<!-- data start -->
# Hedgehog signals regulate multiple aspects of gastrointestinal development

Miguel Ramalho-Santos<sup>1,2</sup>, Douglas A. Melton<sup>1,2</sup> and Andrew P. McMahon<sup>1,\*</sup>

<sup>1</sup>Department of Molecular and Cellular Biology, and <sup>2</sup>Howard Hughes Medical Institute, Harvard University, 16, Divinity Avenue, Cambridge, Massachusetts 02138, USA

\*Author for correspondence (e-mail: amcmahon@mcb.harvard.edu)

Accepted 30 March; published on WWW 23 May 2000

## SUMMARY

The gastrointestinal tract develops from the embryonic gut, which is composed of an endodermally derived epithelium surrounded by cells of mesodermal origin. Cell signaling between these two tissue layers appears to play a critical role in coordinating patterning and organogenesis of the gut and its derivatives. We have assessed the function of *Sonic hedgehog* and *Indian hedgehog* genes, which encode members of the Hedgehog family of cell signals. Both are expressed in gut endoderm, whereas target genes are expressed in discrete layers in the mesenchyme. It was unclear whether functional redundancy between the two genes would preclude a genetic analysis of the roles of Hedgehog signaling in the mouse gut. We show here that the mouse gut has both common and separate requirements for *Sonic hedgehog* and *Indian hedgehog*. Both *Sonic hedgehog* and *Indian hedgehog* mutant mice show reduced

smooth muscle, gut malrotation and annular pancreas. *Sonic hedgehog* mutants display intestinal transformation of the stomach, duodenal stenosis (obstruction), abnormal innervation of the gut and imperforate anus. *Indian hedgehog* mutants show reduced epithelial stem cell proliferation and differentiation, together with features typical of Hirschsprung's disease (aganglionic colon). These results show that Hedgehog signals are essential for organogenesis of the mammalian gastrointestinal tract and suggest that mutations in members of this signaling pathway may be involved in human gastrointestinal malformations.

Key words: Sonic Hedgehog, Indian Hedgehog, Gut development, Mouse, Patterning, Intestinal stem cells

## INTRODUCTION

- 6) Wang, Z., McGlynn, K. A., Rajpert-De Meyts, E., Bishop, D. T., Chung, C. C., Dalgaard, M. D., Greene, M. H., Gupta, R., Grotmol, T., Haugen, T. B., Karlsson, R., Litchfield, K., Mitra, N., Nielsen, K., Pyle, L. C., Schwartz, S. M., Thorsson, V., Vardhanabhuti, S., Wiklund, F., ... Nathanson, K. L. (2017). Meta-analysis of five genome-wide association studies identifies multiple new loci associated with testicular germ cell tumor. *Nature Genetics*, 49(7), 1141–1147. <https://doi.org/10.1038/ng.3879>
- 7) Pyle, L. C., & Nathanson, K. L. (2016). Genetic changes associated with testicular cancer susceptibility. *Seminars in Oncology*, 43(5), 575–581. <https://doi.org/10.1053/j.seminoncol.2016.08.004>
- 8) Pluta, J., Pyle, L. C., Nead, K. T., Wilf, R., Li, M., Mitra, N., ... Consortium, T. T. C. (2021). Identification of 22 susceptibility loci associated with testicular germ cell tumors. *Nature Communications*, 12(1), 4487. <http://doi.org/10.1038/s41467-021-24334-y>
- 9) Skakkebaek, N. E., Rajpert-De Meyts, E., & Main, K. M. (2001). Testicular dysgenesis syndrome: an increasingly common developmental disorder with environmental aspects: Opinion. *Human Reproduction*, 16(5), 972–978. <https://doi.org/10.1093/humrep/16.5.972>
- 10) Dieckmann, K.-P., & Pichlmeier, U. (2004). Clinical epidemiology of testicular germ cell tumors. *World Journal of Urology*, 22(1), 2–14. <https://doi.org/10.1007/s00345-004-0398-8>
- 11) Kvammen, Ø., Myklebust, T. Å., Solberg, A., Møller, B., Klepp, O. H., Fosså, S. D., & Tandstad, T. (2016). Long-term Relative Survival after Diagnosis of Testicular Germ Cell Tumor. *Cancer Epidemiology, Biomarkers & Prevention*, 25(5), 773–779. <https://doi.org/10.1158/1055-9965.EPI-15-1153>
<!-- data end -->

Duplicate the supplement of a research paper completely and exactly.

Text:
# Hedgehog signals regulate multiple aspects of gastrointestinal development

Miguel Ramalho-Santos<sup>1,2</sup>, Douglas A. Melton<sup>1,2</sup> and Andrew P. McMahon<sup>1,\*</sup>

<sup>1</sup>Department of Molecular and Cellular Biology, and <sup>2</sup>Howard Hughes Medical Institute, Harvard University, 16, Divinity Avenue, Cambridge, Massachusetts 02138, USA

\*Author for correspondence (e-mail: amcmahon@mcb.harvard.edu)

Accepted 30 March; published on WWW 23 May 2000

## SUMMARY

The gastrointestinal tract develops from the embryonic gut, which is composed of an endodermally derived epithelium surrounded by cells of mesodermal origin. Cell signaling between these two tissue layers appears to play a critical role in coordinating patterning and organogenesis of the gut and its derivatives. We have assessed the function of *Sonic hedgehog* and *Indian hedgehog* genes, which encode members of the Hedgehog family of cell signals. Both are expressed in gut endoderm, whereas target genes are expressed in discrete layers in the mesenchyme. It was unclear whether functional redundancy between the two genes would preclude a genetic analysis of the roles of Hedgehog signaling in the mouse gut. We show here that the mouse gut has both common and separate requirements for *Sonic hedgehog* and *Indian hedgehog*. Both *Sonic hedgehog* and *Indian hedgehog* mutant mice show reduced

smooth muscle, gut malrotation and annular pancreas. *Sonic hedgehog* mutants display intestinal transformation of the stomach, duodenal stenosis (obstruction), abnormal innervation of the gut and imperforate anus. *Indian hedgehog* mutants show reduced epithelial stem cell proliferation and differentiation, together with features typical of Hirschsprung's disease (aganglionic colon). These results show that Hedgehog signals are essential for organogenesis of the mammalian gastrointestinal tract and suggest that mutations in members of this signaling pathway may be involved in human gastrointestinal malformations.

Key words: Sonic Hedgehog, Indian Hedgehog, Gut development, Mouse, Patterning, Intestinal stem cells

## INTRODUCTION

- 6) Wang, Z., McGlynn, K. A., Rajpert-De Meyts, E., Bishop, D. T., Chung, C. C., Dalgaard, M. D., Greene, M. H., Gupta, R., Grotmol, T., Haugen, T. B., Karlsson, R., Litchfield, K., Mitra, N., Nielsen, K., Pyle, L. C., Schwartz, S. M., Thorsson, V., Vardhanabhuti, S., Wiklund, F., ... Nathanson, K. L. (2017). Meta-analysis of five genome-wide association studies identifies multiple new loci associated with testicular germ cell tumor. *Nature Genetics*, 49(7), 1141–1147. <https://doi.org/10.1038/ng.3879>
- 7) Pyle, L. C., & Nathanson, K. L. (2016). Genetic changes associated with testicular cancer susceptibility. *Seminars in Oncology*, 43(5), 575–581. <https://doi.org/10.1053/j.seminoncol.2016.08.004>
- 8) Pluta, J., Pyle, L. C., Nead, K. T., Wilf, R., Li, M., Mitra, N., ... Consortium, T. T. C. (2021). Identification of 22 susceptibility loci associated with testicular germ cell tumors. *Nature Communications*, 12(1), 4487. <http://doi.org/10.1038/s41467-021-24334-y>
- 9) Skakkebaek, N. E., Rajpert-De Meyts, E., & Main, K. M. (2001). Testicular dysgenesis syndrome: an increasingly common developmental disorder with environmental aspects: Opinion. *Human Reproduction*, 16(5), 972–978. <https://doi.org/10.1093/humrep/16.5.972>
- 10) Dieckmann, K.-P., & Pichlmeier, U. (2004). Clinical epidemiology of testicular germ cell tumors. *World Journal of Urology*, 22(1), 2–14. <https://doi.org/10.1007/s00345-004-0398-8>
- 11) Kvammen, Ø., Myklebust, T. Å., Solberg, A., Møller, B., Klepp, O. H., Fosså, S. D., & Tandstad, T. (2016). Long-term Relative Survival after Diagnosis of Testicular Germ Cell Tumor. *Cancer Epidemiology, Biomarkers & Prevention*, 25(5), 773–779. <https://doi.org/10.1158/1055-9965.EPI-15-1153>